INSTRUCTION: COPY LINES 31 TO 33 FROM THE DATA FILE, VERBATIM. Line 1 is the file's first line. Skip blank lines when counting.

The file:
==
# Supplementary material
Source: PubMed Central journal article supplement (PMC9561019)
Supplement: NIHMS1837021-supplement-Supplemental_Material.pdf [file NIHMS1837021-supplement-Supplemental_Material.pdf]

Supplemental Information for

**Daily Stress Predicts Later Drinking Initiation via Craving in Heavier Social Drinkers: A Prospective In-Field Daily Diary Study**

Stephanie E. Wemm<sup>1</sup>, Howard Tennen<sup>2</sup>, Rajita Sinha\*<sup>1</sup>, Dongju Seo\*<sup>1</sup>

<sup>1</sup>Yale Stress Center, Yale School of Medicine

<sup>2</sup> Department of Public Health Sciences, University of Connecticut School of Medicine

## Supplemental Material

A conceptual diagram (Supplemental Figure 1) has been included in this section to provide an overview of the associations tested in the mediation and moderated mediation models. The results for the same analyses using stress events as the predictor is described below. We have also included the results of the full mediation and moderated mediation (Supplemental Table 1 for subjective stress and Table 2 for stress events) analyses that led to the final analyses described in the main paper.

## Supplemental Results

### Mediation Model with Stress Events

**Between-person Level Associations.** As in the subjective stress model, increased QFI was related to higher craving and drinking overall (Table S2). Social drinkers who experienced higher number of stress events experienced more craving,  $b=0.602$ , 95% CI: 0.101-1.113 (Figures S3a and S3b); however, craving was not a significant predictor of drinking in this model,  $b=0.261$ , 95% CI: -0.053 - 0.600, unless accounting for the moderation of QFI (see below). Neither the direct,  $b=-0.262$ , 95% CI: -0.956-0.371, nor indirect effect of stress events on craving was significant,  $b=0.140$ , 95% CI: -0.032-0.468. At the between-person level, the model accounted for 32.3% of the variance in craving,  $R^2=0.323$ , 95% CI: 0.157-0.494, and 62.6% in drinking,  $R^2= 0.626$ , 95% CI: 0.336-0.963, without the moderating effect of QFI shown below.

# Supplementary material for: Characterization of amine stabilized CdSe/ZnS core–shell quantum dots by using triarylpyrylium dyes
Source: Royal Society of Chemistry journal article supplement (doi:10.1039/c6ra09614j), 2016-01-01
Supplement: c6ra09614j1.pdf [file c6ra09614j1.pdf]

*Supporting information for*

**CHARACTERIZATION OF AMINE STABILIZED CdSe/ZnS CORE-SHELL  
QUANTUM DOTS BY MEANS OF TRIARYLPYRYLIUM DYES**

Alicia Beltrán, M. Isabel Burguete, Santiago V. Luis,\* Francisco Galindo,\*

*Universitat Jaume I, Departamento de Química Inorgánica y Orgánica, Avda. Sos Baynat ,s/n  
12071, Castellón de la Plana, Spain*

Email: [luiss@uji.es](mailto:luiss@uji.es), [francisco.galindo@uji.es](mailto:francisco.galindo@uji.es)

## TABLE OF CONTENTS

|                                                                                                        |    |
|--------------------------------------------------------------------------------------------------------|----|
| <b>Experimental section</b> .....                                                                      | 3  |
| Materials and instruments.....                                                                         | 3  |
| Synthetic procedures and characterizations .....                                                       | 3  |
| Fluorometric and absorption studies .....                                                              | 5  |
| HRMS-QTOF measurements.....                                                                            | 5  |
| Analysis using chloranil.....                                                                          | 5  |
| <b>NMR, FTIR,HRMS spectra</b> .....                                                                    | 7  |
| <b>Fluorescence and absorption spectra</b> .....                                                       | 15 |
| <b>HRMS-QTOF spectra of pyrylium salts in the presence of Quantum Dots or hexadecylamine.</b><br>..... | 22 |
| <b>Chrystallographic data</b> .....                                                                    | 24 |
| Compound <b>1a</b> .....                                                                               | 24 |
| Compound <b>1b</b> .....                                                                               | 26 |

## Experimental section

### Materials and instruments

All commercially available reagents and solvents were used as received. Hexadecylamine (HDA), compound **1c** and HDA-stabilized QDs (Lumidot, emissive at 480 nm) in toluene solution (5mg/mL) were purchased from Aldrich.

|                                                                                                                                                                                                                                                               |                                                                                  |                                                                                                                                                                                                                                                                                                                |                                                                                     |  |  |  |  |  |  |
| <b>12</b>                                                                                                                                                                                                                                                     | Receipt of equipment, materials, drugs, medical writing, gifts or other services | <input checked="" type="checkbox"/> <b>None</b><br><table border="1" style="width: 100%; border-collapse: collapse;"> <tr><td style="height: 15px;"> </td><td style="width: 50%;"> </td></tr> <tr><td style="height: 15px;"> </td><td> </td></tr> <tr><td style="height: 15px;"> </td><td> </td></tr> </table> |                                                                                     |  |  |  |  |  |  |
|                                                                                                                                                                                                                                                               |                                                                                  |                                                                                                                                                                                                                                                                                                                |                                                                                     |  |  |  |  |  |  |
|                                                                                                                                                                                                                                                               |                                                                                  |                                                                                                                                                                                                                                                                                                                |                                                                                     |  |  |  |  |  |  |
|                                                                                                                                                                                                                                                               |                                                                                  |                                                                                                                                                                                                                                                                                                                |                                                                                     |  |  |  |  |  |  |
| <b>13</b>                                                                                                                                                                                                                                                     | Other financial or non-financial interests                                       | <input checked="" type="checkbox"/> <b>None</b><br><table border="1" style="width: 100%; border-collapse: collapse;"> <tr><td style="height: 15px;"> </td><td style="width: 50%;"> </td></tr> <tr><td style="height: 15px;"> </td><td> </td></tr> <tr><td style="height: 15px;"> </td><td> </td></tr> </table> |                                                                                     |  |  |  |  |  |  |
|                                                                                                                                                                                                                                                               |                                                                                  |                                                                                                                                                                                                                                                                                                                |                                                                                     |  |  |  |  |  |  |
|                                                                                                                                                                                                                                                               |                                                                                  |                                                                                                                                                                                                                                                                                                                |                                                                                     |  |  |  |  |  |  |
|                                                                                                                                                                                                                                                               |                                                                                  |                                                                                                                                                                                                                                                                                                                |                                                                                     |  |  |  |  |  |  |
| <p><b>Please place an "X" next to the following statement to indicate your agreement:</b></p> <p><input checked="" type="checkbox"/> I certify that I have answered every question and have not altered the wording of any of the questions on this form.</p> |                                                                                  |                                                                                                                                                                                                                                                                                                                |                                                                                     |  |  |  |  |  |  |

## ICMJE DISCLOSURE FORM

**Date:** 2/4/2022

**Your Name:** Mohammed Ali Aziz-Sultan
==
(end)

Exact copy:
| HRMS-QTOF measurements.....                                                                            | 5  |
| Analysis using chloranil.....                                                                          | 5  |
| <b>NMR, FTIR,HRMS spectra</b> .....                                                                    | 7  |